The University of Cambridge has reported a successful trial of an artificial pancreas for patients with type 2 diabetes. The device, which was developed by scientists at the university, combines a glucose monitor, insulin pump, and app that uses an algorithm to predict the required amount of insulin needed to maintain glucose levels within the target range. During the trial, patients showed a significant decrease in their average glucose levels, which is a positive sign of the effectiveness of the artificial pancreas in treating type 2 diabetes.
Type 2 diabetes is a medical condition characterized by high levels of sugar in the blood, often linked to obesity, a sedentary lifestyle, or a family history of the condition. Patients suffering from type 2 diabetes often struggle to manage their blood sugar levels using currently available treatments such as insulin injections. The artificial pancreas, which has been previously effective for type 1 diabetes patients, has also been successful in patients with type 2 diabetes who require kidney dialysis.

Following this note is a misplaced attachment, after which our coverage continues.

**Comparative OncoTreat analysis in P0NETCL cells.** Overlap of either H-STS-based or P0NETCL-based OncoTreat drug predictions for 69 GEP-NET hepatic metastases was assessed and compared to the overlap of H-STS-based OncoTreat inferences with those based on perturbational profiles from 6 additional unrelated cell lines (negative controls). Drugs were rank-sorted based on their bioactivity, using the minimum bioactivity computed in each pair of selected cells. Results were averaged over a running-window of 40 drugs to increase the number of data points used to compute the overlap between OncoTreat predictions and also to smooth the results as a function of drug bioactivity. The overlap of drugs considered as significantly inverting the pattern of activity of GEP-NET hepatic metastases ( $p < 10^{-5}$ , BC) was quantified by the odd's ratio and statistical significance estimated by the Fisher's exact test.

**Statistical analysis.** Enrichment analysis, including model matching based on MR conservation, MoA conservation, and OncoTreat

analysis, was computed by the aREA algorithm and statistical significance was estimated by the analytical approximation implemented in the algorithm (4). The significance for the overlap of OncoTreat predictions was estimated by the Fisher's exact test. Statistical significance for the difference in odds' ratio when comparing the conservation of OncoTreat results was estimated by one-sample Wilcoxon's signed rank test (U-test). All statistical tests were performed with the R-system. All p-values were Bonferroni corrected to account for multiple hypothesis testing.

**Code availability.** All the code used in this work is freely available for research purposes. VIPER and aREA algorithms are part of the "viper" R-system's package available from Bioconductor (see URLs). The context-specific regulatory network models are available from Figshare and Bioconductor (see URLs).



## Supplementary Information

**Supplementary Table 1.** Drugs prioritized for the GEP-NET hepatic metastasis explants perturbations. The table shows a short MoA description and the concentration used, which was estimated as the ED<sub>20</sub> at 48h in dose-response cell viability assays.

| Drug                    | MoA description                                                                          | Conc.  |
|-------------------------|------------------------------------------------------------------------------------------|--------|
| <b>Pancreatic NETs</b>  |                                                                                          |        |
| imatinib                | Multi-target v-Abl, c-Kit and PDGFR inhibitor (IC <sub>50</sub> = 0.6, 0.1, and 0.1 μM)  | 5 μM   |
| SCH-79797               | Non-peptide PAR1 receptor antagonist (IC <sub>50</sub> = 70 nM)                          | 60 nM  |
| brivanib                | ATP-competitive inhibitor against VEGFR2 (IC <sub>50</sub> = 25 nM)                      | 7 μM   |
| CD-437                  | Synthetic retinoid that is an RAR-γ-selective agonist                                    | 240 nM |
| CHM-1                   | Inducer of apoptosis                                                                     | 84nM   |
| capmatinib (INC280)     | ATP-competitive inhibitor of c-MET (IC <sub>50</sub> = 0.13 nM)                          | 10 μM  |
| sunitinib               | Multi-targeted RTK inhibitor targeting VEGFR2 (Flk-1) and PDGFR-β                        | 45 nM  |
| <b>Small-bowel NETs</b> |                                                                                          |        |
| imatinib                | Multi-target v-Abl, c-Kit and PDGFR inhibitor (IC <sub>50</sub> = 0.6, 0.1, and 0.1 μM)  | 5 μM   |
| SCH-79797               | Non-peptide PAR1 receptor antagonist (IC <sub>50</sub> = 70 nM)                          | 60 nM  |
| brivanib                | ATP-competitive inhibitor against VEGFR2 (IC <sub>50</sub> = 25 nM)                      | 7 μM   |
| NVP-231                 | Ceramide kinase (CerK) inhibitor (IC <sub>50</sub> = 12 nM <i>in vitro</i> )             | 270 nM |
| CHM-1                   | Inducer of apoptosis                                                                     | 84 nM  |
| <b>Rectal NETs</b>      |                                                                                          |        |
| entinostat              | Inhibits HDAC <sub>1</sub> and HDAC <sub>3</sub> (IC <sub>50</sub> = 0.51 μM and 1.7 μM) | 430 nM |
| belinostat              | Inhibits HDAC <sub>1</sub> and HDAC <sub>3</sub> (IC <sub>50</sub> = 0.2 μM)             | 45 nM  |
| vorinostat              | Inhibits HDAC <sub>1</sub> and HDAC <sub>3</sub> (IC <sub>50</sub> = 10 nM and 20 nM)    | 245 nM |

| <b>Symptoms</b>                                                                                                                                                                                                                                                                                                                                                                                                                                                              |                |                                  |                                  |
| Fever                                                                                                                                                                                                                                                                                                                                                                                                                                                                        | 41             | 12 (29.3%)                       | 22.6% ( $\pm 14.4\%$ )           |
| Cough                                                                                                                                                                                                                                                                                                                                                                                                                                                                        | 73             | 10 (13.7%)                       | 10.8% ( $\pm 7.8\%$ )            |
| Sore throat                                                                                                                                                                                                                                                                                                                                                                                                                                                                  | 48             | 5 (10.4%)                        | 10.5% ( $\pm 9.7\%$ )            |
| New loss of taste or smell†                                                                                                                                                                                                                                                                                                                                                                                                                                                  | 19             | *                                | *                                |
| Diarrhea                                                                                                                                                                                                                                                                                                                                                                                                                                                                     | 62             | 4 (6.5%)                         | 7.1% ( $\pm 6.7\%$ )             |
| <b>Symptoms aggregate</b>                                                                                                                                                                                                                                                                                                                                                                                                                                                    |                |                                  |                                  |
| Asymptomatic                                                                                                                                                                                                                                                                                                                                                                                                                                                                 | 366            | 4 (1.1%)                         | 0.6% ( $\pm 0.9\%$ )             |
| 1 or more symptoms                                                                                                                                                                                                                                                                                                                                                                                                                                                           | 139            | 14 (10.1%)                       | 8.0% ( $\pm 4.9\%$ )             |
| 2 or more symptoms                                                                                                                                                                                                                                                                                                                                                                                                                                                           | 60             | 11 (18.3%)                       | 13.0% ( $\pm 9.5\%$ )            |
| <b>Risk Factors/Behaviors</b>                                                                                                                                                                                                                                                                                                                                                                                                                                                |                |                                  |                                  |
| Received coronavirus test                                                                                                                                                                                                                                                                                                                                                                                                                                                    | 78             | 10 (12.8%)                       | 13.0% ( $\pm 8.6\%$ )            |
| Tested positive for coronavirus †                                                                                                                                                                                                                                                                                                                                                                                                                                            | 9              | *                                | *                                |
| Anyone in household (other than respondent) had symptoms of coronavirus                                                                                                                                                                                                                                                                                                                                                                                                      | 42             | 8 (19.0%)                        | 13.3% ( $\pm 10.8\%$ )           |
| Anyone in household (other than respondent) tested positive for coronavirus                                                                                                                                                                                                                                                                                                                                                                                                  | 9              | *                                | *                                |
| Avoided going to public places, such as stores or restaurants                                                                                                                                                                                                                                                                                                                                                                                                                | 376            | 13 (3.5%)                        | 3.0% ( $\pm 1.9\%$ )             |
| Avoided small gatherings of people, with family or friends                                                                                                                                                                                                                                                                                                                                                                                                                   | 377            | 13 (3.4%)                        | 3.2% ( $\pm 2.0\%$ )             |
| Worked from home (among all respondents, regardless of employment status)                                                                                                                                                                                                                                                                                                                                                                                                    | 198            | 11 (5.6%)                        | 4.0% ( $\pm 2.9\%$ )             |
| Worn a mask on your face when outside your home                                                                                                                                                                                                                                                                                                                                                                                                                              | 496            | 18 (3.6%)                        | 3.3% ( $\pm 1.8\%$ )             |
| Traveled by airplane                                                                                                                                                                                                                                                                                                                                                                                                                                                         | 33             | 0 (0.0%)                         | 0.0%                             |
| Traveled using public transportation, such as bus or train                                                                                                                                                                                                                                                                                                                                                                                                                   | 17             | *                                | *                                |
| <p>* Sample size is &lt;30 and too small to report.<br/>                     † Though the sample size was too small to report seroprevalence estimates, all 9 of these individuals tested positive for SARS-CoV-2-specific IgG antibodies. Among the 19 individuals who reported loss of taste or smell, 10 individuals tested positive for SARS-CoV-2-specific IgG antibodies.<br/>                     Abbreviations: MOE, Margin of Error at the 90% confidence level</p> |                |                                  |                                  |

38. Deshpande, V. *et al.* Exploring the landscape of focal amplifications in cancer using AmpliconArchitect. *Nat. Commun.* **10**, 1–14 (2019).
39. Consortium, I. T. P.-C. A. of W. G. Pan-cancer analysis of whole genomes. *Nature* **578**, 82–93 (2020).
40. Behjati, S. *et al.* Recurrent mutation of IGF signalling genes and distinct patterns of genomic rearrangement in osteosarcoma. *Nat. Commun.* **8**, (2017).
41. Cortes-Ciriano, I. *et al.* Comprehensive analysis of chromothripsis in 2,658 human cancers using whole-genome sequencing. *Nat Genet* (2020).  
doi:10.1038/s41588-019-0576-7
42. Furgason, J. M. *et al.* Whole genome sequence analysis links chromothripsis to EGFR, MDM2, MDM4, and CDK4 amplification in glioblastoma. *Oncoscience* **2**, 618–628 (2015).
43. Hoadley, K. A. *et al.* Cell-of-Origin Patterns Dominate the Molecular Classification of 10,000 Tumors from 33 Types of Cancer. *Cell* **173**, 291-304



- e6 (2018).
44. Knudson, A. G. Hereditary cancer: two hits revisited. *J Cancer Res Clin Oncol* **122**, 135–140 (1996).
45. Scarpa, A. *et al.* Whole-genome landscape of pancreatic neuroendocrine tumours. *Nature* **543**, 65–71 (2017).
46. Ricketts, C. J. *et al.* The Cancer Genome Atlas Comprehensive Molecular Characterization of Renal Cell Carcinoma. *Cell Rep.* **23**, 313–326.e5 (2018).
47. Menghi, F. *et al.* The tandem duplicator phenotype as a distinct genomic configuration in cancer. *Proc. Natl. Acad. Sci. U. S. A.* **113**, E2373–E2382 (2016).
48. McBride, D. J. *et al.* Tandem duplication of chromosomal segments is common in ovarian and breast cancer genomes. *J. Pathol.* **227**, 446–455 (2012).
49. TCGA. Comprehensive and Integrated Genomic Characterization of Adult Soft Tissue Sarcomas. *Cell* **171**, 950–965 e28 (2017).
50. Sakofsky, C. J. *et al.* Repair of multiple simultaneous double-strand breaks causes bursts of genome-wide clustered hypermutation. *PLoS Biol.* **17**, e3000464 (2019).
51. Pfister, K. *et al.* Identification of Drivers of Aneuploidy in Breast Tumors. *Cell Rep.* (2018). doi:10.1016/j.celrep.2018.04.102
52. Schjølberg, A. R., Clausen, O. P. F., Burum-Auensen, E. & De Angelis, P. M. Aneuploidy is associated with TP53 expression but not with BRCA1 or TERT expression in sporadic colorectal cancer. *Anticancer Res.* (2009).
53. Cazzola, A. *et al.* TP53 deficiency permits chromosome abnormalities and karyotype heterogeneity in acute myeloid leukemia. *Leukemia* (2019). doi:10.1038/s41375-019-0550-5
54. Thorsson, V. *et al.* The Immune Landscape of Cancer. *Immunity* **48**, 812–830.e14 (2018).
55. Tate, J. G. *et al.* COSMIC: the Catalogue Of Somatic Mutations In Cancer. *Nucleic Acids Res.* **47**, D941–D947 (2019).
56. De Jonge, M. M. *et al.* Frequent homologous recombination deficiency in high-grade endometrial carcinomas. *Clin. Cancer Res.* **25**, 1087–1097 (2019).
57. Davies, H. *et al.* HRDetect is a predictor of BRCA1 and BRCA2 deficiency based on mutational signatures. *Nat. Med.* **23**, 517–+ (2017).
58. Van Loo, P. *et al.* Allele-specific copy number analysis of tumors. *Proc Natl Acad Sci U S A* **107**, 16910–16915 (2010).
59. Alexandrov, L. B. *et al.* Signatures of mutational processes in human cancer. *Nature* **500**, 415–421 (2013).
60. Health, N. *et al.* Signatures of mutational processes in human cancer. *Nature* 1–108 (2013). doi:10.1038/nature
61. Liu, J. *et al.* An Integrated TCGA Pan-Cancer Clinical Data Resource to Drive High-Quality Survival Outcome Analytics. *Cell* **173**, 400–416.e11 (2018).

In this trial, 26 patients were randomly divided into two groups, with one group using the artificial pancreas for eight weeks before switching to standard therapy, while the second group took the opposite approach. The patients using the artificial pancreas spent twice as much time within the glucose levels target range compared to the control group. Furthermore, no reports of dangerously low blood sugar levels were recorded, indicating that the artificial pancreas is a safe and effective alternative to current treatments.
Dr. Charlotte Boughton, who co-led the study, expressed optimism about the future of the artificial pancreas, stating that the technology is simple to use and has the potential to be implemented safely at home. For many people suffering from type 2 diabetes, the artificial pancreas offers a new and promising way to manage their blood sugar levels and improve their overall health and well-being. This development represents a significant step forward in the field of diabetes treatment and may offer hope for the millions of people worldwide who are affected by this condition.
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